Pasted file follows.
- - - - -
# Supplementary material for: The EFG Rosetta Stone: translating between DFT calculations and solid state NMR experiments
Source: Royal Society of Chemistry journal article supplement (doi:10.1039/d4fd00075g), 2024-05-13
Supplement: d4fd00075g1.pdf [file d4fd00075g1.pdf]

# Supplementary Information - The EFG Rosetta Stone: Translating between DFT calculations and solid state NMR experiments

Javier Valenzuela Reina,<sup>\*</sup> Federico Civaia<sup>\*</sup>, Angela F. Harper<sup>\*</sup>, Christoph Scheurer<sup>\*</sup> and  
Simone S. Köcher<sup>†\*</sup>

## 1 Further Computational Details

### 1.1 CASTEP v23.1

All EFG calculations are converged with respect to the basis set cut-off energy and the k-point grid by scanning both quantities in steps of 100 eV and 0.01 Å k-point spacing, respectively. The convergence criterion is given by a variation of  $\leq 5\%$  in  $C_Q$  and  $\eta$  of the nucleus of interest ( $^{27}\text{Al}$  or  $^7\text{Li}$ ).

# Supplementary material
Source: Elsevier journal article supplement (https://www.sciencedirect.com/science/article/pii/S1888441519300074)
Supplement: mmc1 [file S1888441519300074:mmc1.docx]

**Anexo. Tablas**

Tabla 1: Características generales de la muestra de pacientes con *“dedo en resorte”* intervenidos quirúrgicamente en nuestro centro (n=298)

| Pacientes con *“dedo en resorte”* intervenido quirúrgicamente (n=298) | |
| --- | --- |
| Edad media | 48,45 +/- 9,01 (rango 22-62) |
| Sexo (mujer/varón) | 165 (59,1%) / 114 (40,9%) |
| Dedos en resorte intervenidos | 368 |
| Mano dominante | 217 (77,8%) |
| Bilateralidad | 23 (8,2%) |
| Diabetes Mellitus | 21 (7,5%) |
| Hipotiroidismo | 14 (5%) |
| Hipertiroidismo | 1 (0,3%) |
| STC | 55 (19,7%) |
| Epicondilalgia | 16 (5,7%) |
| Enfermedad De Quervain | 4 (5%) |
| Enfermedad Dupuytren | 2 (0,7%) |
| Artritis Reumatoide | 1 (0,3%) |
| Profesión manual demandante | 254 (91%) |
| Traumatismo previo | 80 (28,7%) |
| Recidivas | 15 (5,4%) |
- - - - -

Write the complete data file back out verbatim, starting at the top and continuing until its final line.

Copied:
# Supplementary material for: The EFG Rosetta Stone: translating between DFT calculations and solid state NMR experiments
Source: Royal Society of Chemistry journal article supplement (doi:10.1039/d4fd00075g), 2024-05-13
Supplement: d4fd00075g1.pdf [file d4fd00075g1.pdf]

# Supplementary Information - The EFG Rosetta Stone: Translating between DFT calculations and solid state NMR experiments

Javier Valenzuela Reina,<sup>\*</sup> Federico Civaia<sup>\*</sup>, Angela F. Harper<sup>\*</sup>, Christoph Scheurer<sup>\*</sup> and  
Simone S. Köcher<sup>†\*</sup>

## 1 Further Computational Details

### 1.1 CASTEP v23.1

All EFG calculations are converged with respect to the basis set cut-off energy and the k-point grid by scanning both quantities in steps of 100 eV and 0.01 Å k-point spacing, respectively. The convergence criterion is given by a variation of  $\leq 5\%$  in  $C_Q$  and  $\eta$  of the nucleus of interest ( $^{27}\text{Al}$  or  $^7\text{Li}$ ).

# Supplementary material
Source: Elsevier journal article supplement (https://www.sciencedirect.com/science/article/pii/S1888441519300074)
Supplement: mmc1 [file S1888441519300074:mmc1.docx]

**Anexo. Tablas**

Tabla 1: Características generales de la muestra de pacientes con *“dedo en resorte”* intervenidos quirúrgicamente en nuestro centro (n=298)

| Pacientes con *“dedo en resorte”* intervenido quirúrgicamente (n=298) | |
| --- | --- |
| Edad media | 48,45 +/- 9,01 (rango 22-62) |
| Sexo (mujer/varón) | 165 (59,1%) / 114 (40,9%) |
| Dedos en resorte intervenidos | 368 |
| Mano dominante | 217 (77,8%) |
| Bilateralidad | 23 (8,2%) |
| Diabetes Mellitus | 21 (7,5%) |
| Hipotiroidismo | 14 (5%) |
| Hipertiroidismo | 1 (0,3%) |
| STC | 55 (19,7%) |
| Epicondilalgia | 16 (5,7%) |
| Enfermedad De Quervain | 4 (5%) |
| Enfermedad Dupuytren | 2 (0,7%) |
| Artritis Reumatoide | 1 (0,3%) |
| Profesión manual demandante | 254 (91%) |
| Traumatismo previo | 80 (28,7%) |
| Recidivas | 15 (5,4%) |